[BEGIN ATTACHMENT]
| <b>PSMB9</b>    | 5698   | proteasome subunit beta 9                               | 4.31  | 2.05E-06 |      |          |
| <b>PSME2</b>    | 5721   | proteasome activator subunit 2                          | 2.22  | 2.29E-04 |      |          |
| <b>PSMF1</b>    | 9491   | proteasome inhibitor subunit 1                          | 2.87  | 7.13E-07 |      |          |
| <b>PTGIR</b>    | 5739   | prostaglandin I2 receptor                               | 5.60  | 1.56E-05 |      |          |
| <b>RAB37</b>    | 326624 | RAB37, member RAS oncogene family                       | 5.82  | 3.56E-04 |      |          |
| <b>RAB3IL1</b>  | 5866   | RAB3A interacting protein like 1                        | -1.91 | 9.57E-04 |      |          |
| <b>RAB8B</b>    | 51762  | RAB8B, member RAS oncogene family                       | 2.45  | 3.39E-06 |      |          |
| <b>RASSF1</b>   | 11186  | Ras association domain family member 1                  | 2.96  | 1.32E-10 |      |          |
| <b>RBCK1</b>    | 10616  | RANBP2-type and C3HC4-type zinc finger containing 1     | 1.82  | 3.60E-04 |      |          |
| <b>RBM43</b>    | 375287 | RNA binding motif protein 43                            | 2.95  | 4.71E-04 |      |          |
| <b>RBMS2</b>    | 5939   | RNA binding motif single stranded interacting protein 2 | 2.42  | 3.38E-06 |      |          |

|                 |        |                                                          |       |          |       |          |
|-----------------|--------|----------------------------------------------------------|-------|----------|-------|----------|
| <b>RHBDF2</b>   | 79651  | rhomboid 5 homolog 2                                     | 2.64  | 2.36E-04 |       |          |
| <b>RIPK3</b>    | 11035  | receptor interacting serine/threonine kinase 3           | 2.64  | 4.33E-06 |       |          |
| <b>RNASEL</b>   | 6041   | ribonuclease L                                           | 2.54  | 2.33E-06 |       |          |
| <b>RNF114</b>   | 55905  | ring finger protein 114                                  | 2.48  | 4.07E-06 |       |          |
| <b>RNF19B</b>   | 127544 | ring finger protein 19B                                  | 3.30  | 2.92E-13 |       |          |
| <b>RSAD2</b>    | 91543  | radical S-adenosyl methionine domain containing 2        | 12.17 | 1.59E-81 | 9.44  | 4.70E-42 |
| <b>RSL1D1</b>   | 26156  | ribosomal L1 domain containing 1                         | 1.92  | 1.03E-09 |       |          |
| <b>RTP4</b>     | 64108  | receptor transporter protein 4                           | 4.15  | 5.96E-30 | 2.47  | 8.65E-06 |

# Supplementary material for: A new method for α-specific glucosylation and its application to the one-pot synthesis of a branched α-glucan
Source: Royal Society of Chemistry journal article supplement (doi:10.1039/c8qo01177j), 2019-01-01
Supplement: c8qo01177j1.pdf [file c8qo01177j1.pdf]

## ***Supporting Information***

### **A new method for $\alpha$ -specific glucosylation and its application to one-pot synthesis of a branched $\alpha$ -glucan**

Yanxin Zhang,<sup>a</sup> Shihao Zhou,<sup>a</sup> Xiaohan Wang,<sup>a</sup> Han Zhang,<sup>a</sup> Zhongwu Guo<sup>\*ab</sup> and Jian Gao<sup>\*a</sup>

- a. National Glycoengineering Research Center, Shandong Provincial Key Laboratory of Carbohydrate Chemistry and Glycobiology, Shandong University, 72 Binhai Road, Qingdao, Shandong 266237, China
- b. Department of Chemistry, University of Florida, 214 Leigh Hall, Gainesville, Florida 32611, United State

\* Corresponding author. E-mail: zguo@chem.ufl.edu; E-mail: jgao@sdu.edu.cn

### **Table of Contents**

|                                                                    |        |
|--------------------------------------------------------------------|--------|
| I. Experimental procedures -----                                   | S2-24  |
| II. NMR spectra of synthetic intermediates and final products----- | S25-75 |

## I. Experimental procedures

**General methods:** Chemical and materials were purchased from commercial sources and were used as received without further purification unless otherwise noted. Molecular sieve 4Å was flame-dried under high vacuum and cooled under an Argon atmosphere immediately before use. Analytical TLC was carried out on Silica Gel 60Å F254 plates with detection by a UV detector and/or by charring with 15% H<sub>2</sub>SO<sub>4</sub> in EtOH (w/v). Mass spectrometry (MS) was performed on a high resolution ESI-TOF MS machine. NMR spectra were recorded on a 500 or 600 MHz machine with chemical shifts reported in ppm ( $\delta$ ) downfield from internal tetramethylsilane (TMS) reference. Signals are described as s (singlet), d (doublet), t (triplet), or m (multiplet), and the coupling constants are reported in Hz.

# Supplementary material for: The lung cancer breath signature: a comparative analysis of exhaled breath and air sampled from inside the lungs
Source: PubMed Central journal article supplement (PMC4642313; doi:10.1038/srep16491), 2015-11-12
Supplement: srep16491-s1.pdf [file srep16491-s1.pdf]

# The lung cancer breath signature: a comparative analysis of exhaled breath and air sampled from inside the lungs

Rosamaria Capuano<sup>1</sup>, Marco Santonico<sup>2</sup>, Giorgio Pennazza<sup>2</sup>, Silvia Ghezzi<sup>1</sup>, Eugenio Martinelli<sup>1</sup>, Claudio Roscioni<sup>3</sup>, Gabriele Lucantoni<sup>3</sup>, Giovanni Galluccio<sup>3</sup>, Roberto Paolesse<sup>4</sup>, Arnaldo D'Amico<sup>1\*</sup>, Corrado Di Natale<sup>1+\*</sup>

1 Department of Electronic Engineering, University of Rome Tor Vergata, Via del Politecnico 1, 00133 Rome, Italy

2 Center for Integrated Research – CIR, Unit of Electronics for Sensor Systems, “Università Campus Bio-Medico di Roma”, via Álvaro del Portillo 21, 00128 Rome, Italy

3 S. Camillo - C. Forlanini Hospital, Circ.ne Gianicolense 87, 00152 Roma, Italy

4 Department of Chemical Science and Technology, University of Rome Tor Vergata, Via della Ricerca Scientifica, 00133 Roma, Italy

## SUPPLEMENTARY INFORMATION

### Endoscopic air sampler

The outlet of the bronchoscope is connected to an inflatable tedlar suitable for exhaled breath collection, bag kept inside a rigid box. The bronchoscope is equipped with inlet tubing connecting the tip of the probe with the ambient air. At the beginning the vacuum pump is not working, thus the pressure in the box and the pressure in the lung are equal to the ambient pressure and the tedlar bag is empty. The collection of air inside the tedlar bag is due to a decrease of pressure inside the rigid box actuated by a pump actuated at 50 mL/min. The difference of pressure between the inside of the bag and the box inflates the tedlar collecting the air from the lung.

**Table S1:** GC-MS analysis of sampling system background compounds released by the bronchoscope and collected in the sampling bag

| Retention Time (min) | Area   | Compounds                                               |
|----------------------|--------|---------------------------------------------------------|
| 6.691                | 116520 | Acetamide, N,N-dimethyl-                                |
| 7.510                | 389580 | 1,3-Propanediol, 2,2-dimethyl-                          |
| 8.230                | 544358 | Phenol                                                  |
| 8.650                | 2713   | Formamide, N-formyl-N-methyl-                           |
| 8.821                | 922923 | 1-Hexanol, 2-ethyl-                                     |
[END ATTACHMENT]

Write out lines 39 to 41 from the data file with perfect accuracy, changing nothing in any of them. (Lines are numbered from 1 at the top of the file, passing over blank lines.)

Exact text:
Source: PubMed Central journal article supplement (PMC4642313; doi:10.1038/srep16491), 2015-11-12
Supplement: srep16491-s1.pdf [file srep16491-s1.pdf]

# The lung cancer breath signature: a comparative analysis of exhaled breath and air sampled from inside the lungs